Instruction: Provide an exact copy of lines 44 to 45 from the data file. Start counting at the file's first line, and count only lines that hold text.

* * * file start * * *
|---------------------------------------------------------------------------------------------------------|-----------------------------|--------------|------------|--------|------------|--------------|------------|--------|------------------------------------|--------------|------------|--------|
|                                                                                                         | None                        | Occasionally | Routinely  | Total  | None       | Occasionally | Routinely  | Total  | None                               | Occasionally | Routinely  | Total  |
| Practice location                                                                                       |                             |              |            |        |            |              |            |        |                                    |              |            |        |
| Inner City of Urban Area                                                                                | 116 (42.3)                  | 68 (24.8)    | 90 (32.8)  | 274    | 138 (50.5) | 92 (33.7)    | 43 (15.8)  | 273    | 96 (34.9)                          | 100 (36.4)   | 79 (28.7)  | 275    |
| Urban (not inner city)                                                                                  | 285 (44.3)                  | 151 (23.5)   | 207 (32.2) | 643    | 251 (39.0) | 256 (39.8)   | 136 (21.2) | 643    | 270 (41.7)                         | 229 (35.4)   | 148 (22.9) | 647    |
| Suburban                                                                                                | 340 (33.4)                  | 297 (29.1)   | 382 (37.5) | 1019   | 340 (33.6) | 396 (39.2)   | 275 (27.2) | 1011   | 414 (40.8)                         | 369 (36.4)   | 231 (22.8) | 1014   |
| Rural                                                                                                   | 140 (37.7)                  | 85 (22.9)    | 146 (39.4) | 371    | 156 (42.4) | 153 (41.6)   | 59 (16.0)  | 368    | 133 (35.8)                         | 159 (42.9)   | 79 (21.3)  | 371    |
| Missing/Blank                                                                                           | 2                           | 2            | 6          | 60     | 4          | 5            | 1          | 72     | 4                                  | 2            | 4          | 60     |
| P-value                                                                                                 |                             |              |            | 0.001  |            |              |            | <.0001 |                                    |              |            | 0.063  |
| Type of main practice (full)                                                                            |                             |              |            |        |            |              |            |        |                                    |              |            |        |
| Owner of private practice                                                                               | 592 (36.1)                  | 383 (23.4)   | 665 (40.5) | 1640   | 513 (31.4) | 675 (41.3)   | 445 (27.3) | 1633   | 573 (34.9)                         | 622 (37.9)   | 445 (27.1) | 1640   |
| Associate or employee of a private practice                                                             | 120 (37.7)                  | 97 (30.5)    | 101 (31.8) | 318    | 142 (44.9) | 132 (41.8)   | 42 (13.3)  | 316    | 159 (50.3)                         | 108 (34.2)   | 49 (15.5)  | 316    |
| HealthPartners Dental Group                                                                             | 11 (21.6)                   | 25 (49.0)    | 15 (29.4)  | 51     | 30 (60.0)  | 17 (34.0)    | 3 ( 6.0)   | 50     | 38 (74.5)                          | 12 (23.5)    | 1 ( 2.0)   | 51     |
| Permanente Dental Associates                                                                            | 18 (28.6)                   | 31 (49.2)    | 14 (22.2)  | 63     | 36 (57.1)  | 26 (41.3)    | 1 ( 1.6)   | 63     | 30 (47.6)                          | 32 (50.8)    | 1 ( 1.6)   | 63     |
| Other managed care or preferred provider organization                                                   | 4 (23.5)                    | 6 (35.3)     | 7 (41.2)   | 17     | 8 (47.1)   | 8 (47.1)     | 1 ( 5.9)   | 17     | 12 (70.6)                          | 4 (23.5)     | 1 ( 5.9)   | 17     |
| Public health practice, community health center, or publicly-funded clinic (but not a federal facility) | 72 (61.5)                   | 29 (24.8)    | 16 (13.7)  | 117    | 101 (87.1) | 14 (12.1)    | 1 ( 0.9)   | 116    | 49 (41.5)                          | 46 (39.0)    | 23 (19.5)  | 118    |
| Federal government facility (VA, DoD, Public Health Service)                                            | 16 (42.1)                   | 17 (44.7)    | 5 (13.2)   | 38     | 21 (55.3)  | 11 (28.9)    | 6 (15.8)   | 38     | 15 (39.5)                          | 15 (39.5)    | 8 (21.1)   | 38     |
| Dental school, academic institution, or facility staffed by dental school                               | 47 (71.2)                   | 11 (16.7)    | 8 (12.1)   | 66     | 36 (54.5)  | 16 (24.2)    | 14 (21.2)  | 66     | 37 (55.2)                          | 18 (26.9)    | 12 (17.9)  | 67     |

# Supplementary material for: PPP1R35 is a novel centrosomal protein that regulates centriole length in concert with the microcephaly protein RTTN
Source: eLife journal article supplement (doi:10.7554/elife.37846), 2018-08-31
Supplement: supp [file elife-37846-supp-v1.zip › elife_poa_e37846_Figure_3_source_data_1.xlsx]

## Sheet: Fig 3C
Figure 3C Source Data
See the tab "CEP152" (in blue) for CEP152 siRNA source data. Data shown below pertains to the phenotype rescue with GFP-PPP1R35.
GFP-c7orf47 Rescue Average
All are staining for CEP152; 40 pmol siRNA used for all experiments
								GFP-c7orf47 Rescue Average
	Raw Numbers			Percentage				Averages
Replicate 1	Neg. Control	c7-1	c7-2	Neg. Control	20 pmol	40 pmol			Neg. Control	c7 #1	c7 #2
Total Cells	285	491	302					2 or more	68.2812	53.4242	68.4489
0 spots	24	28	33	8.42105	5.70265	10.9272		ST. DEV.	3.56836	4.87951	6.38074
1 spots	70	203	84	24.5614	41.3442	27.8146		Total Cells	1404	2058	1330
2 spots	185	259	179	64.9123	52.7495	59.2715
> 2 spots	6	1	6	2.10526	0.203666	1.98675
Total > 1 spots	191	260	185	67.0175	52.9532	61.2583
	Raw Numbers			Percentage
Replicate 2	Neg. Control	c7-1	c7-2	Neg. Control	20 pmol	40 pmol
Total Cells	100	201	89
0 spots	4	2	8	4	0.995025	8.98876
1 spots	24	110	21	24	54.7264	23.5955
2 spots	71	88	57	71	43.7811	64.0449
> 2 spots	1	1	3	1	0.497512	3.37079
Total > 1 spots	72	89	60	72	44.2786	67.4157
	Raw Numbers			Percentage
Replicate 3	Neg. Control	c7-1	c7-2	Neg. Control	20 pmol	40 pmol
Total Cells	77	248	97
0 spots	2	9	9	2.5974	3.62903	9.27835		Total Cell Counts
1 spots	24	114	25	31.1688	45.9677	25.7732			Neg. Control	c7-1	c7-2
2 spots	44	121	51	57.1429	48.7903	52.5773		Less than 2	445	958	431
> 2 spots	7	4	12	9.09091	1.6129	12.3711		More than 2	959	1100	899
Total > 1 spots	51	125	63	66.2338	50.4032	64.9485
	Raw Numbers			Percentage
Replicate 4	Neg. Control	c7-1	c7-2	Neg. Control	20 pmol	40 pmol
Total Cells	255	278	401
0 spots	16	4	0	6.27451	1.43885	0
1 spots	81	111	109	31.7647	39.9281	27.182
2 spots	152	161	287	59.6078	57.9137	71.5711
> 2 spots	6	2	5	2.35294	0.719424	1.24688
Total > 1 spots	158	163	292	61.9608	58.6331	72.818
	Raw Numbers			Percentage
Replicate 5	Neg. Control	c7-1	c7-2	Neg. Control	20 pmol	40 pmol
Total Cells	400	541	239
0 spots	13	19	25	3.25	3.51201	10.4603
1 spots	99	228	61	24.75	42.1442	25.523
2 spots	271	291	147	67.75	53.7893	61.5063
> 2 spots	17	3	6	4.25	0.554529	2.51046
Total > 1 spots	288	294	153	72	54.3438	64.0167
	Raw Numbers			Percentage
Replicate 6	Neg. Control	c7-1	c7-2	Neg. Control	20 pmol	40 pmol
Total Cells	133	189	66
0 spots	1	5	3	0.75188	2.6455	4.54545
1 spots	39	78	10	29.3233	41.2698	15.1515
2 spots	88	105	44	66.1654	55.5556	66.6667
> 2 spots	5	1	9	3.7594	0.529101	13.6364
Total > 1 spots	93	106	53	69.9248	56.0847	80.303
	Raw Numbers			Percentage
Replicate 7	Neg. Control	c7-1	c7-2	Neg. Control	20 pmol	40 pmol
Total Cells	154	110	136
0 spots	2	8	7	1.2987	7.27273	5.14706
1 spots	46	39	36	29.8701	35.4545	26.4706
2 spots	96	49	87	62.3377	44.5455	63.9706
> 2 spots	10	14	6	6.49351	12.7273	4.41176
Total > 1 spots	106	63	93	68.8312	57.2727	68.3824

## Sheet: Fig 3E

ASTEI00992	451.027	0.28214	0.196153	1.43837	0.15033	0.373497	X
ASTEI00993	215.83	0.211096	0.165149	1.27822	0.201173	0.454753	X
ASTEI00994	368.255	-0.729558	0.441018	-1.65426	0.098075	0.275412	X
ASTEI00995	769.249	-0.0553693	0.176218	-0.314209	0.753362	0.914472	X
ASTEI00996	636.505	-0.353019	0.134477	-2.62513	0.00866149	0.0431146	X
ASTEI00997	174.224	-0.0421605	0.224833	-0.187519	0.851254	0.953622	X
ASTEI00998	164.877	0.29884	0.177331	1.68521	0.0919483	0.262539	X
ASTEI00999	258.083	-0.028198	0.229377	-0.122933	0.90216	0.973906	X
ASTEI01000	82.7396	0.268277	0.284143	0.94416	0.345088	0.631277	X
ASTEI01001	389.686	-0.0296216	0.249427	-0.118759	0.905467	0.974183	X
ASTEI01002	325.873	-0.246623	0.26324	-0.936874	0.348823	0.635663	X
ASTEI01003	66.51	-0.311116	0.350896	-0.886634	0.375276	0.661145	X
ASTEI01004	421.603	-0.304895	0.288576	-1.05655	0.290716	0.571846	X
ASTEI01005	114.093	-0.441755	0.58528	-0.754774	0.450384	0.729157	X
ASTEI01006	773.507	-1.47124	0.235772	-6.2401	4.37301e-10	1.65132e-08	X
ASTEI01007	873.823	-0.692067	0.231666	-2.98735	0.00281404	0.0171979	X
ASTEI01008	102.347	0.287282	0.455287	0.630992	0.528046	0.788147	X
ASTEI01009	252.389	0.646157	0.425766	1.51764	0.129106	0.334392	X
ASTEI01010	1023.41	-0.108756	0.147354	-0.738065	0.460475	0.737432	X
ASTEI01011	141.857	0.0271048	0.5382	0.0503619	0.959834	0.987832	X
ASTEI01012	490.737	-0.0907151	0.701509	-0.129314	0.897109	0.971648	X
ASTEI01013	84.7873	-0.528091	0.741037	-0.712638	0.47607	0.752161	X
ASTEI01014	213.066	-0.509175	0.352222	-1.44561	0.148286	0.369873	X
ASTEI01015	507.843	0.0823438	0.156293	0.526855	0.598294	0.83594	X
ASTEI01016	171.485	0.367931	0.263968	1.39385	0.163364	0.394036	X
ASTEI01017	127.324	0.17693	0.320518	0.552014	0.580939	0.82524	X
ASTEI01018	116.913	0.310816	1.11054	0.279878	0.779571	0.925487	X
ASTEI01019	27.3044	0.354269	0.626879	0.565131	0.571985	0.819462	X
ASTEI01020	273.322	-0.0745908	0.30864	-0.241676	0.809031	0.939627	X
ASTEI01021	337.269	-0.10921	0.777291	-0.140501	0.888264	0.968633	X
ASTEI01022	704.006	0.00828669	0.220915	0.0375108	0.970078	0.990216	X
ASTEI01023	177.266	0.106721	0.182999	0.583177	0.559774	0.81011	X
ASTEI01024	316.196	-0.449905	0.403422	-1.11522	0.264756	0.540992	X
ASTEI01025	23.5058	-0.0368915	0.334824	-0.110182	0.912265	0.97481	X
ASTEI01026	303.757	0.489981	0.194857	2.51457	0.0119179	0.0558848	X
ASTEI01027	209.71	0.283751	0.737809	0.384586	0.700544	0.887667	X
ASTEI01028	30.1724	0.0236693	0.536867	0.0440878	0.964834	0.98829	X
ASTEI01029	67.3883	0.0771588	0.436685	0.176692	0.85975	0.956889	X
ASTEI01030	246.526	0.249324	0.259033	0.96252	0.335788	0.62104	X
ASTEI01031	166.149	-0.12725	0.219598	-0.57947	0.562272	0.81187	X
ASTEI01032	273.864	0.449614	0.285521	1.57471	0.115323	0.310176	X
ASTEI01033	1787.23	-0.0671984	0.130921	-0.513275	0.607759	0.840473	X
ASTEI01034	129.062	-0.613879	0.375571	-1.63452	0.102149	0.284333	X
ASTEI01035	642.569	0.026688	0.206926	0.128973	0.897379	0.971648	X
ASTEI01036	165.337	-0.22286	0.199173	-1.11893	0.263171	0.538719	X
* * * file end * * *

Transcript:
	Raw Numbers			Percentage
Replicate 3	Neg. Control	c7-1	c7-2	Neg. Control	20 pmol	40 pmol